In Weather Tomorrow Alabama

5-Day accurate forecast for Alabama, United States

5-Day Weather Tomorrow, Alabama, United States
  • Alabama Cities


Alabama's history is a rich tapestry woven with diverse threads, reflecting the state's complex journey from prehistoric times to modernity. The story begins millennia ago, when Native American tribes like the Chickasaw, Choctaw, and Creek inhabited the land, leaving behind mounds and artifacts that hint at their sophisticated societies.

The arrival of European explorers in the 16th century marked a new chapter in the region's history. Spanish explorers such as Hernando de Soto ventured into the area in search of gold and riches. However, it was not until the 18th century that European settlement gained momentum, primarily driven by the French, British, and Spanish interests in the lucrative fur trade.

By the early 19th century, Alabama had become a battleground for European powers seeking control over the region. The Creek War of 1813-1814, led by the famous Native American leader Tecumseh and the Prophet, marked a significant turning point. The conflict ended with the Treaty of Fort Jackson in 1814, which ceded vast lands to the United States, paving the way for rapid American settlement.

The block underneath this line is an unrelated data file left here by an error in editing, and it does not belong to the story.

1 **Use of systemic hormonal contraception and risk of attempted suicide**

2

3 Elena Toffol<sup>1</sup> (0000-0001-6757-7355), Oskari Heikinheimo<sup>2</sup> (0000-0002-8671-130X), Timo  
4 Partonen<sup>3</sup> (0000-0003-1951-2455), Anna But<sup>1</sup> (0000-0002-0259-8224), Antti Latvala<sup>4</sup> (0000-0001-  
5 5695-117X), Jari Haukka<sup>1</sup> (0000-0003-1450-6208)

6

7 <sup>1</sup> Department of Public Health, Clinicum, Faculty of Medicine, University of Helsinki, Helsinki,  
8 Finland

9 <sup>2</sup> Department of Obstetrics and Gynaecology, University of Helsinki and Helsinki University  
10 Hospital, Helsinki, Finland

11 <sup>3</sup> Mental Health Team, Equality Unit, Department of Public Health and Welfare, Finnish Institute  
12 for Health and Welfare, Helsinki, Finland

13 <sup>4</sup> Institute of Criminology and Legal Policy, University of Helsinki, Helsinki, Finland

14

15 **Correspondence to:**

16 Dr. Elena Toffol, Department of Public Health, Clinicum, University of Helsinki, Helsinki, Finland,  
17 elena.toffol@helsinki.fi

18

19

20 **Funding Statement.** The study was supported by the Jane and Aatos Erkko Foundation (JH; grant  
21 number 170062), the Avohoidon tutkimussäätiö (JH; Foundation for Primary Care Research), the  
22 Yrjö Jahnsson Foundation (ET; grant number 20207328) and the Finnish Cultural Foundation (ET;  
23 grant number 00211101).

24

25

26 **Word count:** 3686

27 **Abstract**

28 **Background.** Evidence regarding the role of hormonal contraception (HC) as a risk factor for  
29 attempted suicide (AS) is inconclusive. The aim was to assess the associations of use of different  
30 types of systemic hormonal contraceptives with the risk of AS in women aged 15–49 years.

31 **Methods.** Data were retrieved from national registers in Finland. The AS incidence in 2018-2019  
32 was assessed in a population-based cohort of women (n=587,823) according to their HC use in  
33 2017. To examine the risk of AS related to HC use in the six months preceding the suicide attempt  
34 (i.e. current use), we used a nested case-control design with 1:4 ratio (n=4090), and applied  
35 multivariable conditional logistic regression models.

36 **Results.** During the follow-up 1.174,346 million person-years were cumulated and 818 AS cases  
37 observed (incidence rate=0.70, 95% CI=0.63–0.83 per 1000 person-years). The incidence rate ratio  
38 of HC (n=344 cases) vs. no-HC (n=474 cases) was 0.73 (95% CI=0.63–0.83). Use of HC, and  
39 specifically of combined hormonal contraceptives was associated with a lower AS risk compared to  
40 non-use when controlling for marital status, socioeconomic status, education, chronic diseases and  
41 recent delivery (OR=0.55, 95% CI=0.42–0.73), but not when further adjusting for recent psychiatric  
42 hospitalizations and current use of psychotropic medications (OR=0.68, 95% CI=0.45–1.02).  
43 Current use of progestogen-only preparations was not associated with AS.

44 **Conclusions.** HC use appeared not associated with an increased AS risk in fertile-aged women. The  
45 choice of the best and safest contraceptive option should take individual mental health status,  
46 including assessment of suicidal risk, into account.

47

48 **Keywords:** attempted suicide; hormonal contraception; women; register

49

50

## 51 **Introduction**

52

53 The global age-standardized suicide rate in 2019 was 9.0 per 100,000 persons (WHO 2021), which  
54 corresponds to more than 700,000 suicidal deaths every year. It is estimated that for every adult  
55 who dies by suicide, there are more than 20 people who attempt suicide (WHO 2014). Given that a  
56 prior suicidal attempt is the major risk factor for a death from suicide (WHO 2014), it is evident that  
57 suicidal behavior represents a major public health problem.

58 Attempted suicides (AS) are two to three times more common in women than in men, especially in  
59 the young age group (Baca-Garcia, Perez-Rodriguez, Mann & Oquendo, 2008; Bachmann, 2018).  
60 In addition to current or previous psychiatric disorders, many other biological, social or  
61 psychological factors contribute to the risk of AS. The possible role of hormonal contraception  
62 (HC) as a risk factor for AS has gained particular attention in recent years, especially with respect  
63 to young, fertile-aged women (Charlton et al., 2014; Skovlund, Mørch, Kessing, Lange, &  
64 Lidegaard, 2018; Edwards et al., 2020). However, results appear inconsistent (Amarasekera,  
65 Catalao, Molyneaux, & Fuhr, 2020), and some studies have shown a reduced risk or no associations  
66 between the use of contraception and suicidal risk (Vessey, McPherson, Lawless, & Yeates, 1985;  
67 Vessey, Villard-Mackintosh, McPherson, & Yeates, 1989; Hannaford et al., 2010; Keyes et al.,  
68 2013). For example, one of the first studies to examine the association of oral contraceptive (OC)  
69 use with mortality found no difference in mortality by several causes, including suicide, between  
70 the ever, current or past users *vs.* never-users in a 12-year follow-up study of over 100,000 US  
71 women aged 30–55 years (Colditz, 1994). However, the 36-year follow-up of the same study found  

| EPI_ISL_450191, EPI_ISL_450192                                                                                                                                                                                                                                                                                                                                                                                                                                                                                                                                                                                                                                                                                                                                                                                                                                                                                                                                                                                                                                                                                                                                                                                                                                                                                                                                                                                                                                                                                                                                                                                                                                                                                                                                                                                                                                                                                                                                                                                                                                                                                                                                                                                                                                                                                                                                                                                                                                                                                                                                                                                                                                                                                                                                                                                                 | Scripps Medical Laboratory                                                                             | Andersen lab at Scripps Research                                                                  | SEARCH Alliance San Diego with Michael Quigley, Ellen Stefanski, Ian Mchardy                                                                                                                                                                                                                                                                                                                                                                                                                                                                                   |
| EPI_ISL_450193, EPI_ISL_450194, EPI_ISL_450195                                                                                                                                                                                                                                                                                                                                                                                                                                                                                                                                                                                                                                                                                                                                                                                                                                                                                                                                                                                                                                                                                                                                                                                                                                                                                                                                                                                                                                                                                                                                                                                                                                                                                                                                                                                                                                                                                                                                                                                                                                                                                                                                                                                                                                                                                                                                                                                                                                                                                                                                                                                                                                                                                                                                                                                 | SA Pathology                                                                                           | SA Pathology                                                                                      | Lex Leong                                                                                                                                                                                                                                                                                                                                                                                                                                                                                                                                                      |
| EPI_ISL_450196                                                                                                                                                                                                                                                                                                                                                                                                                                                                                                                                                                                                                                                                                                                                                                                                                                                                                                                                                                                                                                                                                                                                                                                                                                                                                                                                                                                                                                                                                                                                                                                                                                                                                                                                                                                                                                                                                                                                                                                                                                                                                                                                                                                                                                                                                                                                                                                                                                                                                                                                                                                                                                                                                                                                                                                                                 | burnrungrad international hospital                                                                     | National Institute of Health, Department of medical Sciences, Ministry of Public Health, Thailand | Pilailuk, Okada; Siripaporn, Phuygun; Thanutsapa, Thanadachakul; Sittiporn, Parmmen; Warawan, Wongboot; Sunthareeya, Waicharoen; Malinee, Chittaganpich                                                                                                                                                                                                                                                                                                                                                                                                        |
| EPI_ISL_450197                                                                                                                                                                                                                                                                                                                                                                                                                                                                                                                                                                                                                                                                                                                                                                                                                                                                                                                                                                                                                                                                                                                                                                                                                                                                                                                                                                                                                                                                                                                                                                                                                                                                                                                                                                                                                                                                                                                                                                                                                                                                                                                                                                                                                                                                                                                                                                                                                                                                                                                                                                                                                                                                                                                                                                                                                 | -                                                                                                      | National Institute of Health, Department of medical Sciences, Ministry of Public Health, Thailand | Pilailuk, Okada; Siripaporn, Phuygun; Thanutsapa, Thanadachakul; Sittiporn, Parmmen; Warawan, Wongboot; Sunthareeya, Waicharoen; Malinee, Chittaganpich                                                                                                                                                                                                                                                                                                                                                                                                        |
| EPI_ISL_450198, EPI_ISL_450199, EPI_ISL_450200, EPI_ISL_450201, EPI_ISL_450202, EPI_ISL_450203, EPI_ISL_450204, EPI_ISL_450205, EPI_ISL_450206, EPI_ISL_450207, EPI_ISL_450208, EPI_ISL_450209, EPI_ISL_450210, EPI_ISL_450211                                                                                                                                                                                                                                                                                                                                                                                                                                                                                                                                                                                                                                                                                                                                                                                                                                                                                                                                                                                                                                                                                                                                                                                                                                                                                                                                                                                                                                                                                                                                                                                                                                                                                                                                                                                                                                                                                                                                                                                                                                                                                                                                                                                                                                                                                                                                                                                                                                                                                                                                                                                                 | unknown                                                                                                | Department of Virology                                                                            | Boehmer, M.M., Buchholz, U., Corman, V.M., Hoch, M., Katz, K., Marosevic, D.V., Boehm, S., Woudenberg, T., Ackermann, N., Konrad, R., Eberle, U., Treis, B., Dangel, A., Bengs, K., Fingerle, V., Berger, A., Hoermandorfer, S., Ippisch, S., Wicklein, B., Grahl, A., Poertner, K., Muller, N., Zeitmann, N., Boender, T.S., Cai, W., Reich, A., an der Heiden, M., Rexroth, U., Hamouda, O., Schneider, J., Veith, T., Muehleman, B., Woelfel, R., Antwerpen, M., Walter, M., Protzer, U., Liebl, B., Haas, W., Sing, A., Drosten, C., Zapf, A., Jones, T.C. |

Alabama officially became a territory in 1817 and gained statehood in 1819, with Huntsville serving as the first capital. The early years of statehood were marked by rapid economic growth, driven by cotton cultivation and the expansion of plantations. This growth, however, came at a steep human cost, as the state relied heavily on enslaved labor.

The mid-19th century brought tumultuous times to Alabama as tensions over slavery intensified. The state seceded from the Union in 1861, joining the Confederacy during the Civil War. The war's impact was profound, leading to devastation and loss across Alabama.